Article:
Foes of Detroit's bankruptcy line up

detroit protest pensions
Monday night marks the last time people can challenge the city on whether its municipal bankruptcy should be allowed to proceed.

Pension funds and representatives from Detroit's emergency manager's office will meet on Monday -- the first time the two sides have sat down for talks since the city filed for bankruptcy last month.

The move came as creditors, unions and retirees filed objections to Detroit's bankruptcy filing.

The objections, due by 11:59 pm ET on Monday, mark the next step in challenges to whether the largest municipal bankruptcy in the nation's history should be allowed to proceed.

Detroit filed for bankruptcy last month when the state-appointed emergency manager Kevyn Orr and Michigan Gov. Rick Snyder said the city could not pay its $11.5 billion in liabilities associated with pension benefits, retiree health care costs and unsecured debt held by investors.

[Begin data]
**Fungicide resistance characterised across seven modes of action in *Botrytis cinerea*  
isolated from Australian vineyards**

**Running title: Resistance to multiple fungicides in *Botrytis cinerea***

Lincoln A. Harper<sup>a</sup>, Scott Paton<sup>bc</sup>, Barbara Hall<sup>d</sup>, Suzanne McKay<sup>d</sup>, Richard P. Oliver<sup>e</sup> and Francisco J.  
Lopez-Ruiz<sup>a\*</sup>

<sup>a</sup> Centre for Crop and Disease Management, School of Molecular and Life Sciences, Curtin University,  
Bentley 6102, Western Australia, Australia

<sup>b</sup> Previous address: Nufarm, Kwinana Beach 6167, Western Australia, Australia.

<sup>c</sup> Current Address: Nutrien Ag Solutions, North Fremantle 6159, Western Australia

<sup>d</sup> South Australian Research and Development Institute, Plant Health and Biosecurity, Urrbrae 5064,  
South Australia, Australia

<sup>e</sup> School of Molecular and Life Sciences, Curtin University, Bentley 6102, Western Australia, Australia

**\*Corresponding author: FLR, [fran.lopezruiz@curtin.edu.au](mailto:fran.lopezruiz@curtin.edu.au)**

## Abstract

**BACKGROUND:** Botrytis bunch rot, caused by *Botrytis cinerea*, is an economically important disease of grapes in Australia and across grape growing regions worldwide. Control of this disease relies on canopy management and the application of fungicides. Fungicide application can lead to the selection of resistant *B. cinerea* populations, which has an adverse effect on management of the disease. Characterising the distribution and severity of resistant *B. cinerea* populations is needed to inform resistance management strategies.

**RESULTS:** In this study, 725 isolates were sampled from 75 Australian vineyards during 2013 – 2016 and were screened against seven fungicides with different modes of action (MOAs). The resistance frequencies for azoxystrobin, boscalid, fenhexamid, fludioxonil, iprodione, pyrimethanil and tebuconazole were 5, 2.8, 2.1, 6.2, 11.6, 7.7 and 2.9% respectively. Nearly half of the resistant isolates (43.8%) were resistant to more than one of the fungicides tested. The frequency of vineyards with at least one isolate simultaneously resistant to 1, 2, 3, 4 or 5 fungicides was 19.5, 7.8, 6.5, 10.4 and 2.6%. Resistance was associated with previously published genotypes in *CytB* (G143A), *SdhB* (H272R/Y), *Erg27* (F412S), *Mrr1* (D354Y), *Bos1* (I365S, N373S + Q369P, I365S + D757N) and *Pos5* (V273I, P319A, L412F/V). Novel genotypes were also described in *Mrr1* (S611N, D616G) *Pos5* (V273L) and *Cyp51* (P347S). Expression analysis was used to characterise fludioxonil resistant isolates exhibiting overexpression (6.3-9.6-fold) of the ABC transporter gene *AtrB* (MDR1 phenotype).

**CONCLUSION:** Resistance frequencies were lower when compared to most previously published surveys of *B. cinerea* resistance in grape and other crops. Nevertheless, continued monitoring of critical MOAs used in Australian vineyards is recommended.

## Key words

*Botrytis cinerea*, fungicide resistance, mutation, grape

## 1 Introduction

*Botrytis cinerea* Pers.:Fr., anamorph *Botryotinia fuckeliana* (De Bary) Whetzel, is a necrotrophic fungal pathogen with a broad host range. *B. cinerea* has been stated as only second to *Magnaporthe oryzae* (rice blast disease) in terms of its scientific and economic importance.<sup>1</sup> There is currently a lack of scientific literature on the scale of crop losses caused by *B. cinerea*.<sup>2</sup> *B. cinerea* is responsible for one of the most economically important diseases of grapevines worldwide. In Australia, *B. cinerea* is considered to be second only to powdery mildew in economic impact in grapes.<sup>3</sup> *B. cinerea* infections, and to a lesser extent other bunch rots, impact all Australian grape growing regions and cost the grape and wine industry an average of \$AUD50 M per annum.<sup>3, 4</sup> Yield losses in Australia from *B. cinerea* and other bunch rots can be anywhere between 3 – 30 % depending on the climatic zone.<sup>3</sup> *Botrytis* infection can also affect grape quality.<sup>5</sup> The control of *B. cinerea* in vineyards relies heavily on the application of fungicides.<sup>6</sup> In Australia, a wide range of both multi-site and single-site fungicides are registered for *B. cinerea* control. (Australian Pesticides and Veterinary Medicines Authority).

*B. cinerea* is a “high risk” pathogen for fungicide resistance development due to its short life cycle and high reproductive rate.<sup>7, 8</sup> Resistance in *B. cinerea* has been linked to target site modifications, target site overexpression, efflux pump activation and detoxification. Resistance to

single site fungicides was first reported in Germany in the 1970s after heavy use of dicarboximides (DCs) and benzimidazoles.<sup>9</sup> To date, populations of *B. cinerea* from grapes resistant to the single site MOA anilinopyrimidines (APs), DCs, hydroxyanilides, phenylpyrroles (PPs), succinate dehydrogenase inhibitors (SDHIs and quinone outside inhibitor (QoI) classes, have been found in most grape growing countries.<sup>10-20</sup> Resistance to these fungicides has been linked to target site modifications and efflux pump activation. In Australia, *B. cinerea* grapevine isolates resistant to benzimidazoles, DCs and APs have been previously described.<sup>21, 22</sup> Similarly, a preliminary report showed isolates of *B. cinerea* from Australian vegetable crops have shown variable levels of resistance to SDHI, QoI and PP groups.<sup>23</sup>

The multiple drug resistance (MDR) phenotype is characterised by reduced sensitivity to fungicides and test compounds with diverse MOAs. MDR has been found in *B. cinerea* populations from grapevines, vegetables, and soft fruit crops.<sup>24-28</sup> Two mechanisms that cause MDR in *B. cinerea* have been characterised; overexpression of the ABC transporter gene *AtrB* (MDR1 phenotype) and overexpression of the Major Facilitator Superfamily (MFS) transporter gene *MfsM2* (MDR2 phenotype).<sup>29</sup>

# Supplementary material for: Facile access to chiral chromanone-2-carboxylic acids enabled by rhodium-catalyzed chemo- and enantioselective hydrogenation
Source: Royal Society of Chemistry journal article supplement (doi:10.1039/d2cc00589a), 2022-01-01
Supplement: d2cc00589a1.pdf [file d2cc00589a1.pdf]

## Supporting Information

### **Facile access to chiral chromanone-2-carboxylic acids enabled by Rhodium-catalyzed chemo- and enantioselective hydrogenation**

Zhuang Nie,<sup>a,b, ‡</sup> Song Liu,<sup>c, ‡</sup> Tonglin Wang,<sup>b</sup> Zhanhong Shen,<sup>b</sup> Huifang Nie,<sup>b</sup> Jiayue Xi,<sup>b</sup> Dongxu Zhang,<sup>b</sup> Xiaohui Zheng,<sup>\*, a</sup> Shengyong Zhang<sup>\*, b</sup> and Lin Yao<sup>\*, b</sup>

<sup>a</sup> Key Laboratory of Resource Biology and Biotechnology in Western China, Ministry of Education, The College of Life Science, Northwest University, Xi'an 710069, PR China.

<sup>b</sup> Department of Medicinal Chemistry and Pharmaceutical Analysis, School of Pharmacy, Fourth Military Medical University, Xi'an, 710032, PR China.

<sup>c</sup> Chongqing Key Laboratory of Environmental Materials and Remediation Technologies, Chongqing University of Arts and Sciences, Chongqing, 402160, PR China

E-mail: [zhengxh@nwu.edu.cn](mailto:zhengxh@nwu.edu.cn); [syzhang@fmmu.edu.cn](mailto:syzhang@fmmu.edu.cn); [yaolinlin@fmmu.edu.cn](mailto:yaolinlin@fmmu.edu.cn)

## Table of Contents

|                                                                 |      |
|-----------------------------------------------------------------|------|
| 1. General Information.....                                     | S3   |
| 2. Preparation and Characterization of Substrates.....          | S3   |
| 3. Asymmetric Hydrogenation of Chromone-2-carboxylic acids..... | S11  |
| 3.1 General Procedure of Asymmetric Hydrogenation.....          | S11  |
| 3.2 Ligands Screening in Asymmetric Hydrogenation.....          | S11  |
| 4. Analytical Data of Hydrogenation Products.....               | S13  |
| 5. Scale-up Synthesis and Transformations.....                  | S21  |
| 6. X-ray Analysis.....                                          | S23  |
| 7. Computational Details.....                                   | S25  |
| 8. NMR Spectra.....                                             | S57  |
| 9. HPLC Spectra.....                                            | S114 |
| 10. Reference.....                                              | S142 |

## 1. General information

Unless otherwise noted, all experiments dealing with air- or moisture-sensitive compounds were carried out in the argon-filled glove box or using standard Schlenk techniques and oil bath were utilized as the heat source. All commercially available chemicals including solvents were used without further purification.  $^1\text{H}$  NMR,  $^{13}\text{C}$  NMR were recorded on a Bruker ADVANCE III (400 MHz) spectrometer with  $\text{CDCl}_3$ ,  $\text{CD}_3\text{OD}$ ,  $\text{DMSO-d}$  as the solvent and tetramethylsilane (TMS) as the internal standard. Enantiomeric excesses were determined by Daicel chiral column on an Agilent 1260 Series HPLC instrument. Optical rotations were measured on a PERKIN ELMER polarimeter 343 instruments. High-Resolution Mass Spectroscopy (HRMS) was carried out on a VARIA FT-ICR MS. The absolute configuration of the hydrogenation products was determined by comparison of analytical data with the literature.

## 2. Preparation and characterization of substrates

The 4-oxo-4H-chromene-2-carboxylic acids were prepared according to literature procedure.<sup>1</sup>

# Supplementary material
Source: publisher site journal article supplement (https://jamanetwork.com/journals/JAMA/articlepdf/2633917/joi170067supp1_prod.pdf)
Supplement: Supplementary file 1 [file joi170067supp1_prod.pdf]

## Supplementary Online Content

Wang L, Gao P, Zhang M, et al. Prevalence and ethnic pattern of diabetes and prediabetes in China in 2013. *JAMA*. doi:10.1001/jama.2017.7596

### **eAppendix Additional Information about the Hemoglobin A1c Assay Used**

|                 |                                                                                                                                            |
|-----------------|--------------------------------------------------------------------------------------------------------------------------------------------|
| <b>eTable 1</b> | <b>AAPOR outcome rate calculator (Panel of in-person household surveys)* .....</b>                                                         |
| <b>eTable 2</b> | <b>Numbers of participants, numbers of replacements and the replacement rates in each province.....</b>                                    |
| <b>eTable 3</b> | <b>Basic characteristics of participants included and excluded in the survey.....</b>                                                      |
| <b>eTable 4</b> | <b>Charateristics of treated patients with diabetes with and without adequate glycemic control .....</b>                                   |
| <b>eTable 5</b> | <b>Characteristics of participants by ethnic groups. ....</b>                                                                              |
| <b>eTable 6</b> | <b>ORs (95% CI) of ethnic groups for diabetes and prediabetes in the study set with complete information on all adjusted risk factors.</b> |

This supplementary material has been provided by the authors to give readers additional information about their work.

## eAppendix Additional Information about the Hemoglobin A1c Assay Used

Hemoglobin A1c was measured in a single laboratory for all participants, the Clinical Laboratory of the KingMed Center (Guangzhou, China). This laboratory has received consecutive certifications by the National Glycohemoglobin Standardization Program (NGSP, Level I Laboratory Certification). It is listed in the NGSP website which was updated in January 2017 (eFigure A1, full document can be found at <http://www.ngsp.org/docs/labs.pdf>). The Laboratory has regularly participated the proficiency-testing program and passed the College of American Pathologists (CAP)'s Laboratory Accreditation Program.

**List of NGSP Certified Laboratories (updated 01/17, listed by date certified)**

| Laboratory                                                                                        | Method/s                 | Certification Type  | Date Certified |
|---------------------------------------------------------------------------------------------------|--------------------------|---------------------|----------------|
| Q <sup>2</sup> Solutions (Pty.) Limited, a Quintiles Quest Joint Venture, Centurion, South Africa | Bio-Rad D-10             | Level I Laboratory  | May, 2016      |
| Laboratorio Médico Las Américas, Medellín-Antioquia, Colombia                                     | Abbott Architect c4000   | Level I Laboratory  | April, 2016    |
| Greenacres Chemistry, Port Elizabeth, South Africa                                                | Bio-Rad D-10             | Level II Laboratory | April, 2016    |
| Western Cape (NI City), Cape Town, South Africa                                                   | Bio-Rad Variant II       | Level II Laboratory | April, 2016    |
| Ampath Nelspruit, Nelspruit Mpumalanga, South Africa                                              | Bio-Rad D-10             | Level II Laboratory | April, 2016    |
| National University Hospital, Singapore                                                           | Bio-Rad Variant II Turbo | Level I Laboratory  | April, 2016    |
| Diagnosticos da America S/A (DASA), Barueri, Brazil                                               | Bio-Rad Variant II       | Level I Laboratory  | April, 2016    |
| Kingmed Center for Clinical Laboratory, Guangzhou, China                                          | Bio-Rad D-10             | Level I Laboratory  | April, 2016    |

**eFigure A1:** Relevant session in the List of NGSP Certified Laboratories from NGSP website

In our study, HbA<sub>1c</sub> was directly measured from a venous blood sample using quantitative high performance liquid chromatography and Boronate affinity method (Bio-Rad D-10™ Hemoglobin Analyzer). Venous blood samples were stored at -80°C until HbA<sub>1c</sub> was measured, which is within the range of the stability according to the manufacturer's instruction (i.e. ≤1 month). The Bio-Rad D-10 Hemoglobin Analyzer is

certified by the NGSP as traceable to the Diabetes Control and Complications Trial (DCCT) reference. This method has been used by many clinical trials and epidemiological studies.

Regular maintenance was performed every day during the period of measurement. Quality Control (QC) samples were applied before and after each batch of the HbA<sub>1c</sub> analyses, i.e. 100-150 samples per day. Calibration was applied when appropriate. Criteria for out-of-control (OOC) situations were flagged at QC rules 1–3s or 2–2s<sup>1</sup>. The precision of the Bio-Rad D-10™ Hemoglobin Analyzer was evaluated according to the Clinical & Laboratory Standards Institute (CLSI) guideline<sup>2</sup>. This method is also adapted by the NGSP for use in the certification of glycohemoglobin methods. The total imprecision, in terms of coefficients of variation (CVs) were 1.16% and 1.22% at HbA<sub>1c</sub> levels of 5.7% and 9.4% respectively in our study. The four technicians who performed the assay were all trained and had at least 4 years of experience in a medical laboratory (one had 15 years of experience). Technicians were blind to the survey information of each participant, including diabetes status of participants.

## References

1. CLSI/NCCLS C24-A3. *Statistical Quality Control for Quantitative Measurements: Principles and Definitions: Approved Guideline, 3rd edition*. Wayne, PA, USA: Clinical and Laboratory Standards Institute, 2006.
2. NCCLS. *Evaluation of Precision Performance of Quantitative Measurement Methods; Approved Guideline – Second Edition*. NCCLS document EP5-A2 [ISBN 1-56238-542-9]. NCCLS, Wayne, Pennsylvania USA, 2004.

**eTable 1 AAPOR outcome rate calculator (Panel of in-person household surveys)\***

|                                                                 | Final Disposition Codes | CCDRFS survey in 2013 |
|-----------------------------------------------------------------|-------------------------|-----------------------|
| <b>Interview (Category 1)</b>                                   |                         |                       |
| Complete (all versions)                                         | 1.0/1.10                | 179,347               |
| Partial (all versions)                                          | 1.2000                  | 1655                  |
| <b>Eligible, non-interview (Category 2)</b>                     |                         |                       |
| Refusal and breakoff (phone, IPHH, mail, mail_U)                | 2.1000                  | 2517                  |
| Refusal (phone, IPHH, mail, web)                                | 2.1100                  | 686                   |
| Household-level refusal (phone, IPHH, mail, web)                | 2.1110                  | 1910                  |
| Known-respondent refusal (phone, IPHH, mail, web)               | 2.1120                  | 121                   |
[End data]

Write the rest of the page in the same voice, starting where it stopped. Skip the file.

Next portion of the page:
But the question of whether Detroit can qualify for municipal bankruptcy, known as Chapter 9, remains.

Related: Retired Detroit firefighter: "My pension is what I was promised"

Judge Steven Rhodes, who's overseeing the case in U.S. Bankcruptcy Court, must decide whether the city has proven that it's insolvent, and that it has negotiated in good faith with creditors.

Objections from creditors rolled in throughout the day on Monday. About 50 had been filed by evening.

Some opponents of the bankruptcy contend that it violates a provision of the Michigan constitution that prohibits cutting pension and retirement benefits.

Why Detroit filed for bankruptcy
Why Detroit filed for bankruptcy

In addition, public employee unions have charged that the city did not negotiate in good faith, and should not be allowed to walk away from obligations made to employees and retirees.

The question of whether Detroit can qualify for Chapter 9 is set to be taken up in court in October.

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